“I try not to spend too much time at work. If I feel that I need to spend a few extra hours I will go in earlier rather than stay late. I don’t like to rob the time from my family. Coming in earlier also allows me to produce more, since the phones aren’t ringing yet.




“Coming in earlier, the home doesn’t suffer as they know that I almost always come home about the same time every day. I have worked a few late nights, and I didn’t care for that too much. I would arrive home after dinner and miss that valuable time. So, stealing the time away in the morning is far better for me and the home life.”




Thank Goodness for the Laptop




For Craig Daley, president of Daley’s Drywall & Taping in California, the laptop is a godsend. “Rather than be tied to the desk at work late into the evening hours, I’ve been able to keep up with work by having a laptop in my lap while catching glimpses of television.




“The trick is to try and look up from the laptop often enough to let the family know you’re actually in the room sharing in their entertainment.




“I’m often chastised for taking the laptop everywhere, even to vacation destinations, never letting go or being out of touch. To me, there is more stress in wondering what might be in that inbox that is holding up the train of our business. I find I can’t really relax until all the email and small laptop projects are out of the way for the day.”




No Cell Phones


Quips Michael Chambers, president of J&B Acoustical, Inc. in Ohio, “First have your kids take away your cell phone. In other words, turn off the phone when you walk in the door. In fact, at family meals, no one is allowed to have a phone, iPad or Game Boy on. The goal is to promote family conversation.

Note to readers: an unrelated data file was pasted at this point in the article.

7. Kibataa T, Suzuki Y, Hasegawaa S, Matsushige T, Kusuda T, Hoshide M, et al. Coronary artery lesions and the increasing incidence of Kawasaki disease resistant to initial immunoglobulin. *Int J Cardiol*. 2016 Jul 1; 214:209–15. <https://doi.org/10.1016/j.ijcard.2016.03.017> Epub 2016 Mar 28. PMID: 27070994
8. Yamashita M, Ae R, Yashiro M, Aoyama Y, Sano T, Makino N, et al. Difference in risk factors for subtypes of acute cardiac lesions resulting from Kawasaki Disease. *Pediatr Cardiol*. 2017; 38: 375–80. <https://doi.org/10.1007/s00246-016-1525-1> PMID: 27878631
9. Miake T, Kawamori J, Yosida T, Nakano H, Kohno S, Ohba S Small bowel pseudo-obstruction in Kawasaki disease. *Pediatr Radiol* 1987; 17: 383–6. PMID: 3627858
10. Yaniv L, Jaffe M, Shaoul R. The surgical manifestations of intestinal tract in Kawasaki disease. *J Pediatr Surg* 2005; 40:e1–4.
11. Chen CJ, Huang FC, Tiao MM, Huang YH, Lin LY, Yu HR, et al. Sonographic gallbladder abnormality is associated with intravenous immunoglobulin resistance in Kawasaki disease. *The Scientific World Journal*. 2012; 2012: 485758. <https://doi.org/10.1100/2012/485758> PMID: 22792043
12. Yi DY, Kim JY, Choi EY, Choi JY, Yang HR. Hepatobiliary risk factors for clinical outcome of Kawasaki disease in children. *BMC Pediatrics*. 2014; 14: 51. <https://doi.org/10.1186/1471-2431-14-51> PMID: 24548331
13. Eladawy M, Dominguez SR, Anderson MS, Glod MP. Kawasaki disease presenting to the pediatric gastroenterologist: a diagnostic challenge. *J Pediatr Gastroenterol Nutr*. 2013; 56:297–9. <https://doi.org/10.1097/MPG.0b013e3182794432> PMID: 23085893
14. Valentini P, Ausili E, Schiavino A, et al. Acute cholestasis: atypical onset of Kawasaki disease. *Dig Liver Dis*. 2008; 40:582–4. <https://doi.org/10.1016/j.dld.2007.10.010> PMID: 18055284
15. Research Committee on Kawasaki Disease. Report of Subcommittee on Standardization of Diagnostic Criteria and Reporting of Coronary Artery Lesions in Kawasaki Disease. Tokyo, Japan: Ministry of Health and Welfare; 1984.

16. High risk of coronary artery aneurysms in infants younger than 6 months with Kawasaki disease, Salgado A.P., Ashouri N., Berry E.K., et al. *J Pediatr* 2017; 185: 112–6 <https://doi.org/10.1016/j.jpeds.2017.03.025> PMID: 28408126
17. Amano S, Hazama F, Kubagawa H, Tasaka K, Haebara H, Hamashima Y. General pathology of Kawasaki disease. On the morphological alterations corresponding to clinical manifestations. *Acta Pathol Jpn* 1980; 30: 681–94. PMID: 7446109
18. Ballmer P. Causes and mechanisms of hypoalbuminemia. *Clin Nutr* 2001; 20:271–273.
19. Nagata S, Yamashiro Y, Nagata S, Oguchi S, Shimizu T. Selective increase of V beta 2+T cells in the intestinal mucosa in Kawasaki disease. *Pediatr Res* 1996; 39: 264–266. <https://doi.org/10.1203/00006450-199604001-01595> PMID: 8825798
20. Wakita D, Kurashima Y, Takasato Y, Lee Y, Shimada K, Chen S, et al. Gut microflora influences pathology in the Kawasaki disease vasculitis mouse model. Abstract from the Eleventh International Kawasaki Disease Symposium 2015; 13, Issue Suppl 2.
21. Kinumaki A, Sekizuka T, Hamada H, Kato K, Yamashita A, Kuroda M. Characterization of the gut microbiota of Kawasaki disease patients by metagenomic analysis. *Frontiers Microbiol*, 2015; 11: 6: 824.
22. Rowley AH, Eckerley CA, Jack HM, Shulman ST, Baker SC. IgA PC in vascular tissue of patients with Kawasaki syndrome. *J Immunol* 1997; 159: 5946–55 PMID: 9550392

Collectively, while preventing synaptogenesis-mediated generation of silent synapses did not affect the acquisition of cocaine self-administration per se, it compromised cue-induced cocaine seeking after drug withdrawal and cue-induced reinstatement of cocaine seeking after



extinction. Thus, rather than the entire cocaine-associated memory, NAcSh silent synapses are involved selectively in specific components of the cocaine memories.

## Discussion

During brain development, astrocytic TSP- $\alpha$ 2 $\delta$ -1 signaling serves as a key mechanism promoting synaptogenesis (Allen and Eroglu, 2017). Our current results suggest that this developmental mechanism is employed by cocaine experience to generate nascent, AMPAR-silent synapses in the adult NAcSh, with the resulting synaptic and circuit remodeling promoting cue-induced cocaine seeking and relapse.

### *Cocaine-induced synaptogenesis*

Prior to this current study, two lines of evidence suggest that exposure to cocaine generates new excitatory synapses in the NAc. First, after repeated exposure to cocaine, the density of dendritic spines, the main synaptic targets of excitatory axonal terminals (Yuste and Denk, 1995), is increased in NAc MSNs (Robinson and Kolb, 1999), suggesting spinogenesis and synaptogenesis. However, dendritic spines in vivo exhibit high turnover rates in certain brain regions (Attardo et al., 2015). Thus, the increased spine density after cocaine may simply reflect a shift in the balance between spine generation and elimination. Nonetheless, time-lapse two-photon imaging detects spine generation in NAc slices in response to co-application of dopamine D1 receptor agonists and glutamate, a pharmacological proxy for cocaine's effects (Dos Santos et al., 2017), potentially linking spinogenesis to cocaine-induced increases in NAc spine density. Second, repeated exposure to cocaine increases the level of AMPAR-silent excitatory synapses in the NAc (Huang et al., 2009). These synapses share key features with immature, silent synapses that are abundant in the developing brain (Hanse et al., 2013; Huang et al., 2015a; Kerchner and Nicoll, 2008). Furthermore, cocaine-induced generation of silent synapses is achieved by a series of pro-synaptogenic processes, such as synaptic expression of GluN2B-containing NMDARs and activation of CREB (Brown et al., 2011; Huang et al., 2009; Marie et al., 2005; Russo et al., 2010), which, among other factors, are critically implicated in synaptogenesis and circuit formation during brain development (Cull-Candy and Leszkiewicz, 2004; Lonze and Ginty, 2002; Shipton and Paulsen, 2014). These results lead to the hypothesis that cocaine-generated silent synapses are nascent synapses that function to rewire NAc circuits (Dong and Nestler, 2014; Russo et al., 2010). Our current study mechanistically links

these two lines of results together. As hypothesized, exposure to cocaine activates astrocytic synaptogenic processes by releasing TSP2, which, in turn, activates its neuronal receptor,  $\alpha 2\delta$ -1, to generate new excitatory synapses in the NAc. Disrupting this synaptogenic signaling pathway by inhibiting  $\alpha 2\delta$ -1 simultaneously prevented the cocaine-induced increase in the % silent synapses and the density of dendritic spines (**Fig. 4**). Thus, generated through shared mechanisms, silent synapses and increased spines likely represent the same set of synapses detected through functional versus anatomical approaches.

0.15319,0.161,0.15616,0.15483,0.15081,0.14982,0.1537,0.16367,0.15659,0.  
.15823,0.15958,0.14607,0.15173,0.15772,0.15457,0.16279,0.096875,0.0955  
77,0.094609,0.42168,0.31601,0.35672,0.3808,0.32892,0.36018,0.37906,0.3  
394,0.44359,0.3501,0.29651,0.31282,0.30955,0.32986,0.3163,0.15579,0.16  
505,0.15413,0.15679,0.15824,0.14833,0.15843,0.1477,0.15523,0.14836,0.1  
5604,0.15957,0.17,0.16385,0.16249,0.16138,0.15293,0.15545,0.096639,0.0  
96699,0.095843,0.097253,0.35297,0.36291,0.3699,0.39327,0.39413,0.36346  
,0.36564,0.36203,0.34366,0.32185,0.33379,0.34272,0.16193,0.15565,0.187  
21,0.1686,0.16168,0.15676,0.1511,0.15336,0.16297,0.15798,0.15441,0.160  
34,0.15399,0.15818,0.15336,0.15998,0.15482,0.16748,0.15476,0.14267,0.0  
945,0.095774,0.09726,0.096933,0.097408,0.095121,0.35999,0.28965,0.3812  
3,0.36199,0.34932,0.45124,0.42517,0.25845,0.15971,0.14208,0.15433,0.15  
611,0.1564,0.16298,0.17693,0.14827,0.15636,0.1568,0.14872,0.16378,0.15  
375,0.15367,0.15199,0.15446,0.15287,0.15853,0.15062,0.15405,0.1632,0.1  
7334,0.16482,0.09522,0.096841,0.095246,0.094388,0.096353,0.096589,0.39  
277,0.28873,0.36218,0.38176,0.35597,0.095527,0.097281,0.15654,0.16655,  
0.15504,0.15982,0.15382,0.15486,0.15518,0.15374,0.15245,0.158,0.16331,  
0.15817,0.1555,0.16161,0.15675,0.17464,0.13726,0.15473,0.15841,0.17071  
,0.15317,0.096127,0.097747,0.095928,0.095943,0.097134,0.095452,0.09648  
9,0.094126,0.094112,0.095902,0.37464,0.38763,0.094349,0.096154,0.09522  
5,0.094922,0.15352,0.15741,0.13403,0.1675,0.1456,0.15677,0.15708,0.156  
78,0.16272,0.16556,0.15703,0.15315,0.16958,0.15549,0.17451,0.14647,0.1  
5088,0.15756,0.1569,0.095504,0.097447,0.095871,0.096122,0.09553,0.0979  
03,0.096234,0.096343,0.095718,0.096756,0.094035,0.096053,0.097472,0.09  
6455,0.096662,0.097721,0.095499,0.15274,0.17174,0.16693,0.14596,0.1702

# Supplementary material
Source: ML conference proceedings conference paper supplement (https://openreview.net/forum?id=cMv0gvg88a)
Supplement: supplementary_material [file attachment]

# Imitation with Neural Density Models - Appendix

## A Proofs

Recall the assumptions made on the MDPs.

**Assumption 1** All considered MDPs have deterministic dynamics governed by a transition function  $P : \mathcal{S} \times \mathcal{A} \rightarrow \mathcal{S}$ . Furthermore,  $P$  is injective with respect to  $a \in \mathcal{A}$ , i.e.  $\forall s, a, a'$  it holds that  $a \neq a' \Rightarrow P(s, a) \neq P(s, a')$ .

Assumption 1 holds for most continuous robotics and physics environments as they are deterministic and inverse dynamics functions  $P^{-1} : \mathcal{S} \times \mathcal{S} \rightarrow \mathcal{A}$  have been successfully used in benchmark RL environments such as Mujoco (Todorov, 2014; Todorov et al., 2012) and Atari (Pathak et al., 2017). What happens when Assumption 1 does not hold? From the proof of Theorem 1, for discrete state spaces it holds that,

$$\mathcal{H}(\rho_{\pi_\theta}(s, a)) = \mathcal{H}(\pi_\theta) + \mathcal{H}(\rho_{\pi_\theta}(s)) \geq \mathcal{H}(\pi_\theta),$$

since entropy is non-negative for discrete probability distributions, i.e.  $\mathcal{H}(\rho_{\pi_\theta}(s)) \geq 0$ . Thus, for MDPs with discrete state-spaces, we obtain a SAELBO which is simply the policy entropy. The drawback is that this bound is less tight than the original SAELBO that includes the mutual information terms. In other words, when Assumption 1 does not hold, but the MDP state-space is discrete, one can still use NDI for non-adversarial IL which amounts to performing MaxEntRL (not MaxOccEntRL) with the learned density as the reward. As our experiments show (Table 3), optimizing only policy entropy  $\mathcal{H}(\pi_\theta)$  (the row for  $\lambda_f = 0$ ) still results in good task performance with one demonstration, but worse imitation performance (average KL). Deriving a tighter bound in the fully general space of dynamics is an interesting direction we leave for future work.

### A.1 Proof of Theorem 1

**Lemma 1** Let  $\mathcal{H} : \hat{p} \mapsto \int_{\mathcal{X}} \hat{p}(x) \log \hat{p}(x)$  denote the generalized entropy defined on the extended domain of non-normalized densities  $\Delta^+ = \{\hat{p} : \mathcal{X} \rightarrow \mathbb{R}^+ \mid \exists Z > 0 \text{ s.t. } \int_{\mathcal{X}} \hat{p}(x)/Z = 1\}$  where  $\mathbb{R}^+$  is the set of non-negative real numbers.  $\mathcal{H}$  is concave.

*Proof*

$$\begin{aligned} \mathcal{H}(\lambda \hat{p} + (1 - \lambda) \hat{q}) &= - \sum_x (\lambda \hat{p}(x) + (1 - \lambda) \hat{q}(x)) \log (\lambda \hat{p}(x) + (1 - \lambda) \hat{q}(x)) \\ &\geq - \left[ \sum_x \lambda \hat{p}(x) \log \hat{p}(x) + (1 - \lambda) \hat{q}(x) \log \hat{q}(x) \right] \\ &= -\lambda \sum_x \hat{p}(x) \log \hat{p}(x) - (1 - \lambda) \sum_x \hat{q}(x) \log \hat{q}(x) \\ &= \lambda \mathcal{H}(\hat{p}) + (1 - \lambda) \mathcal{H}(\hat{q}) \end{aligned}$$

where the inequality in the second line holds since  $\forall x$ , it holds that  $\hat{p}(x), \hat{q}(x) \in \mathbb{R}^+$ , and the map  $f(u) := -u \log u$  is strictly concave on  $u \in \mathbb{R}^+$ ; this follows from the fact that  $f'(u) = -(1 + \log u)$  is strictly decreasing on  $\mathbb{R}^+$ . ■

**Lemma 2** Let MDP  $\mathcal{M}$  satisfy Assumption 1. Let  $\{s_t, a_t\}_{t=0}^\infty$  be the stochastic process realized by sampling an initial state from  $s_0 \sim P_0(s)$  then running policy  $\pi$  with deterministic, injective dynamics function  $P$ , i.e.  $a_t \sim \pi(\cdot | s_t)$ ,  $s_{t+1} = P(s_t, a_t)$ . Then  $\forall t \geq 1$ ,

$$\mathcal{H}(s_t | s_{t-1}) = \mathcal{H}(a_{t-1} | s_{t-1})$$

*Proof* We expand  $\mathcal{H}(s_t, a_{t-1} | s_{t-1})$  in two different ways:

“Also, plan activities that involve every member of your family by alternating who picks the activity. Then attend as many sport events, dances and school activities as possible. Some of my best conversations were held one-on-one while taking one of our children to a practice.




“Lastly, don’t forget to schedule a date night with your significant other.”




No Work Talk


Says Joe Johnson, president of Prestige Drywall Inc. in Minnesota, “Balancing work life with home life is a constant battle especially in a family business like ours.




“I work with my mom, my dad, my wife, my brother and my brother-in-law. When people hear this they look at me like I’m nuts, but at the end of the day I wouldn’t trade it for the world because as tough as things can become and as much pressure as there can be at times, we’re always there for each other.




“We’re in control of our own destiny. The biggest thing with my wife and I is that we try to have ‘no work talk’ times every night where we just try to shut it off and enjoy our two young sons.”




Different Roles


John Hinson, division president at Marek Brothers Systems, Inc. in Dallas, offers the “very simple strategy of creating enough space and time between home and work. Enough to alter your role.




“I live an hour and a half away from my office, which gives me the time to change from ‘business/boss mindset’ to ‘partner/relationship mindset.’




“Those are two very different roles.”




Different Roles Indeed


No matter how blurred the lines might grow at times, work and home (even while clearly supporting one another—financially one way and mentally the other) are different.




Recognize your different roles and keep these two important areas of your life separate.




Lastly, always keep in mind what is truly valuable for you.




California-based Ulf Wolf is the senior writer at Words & Images.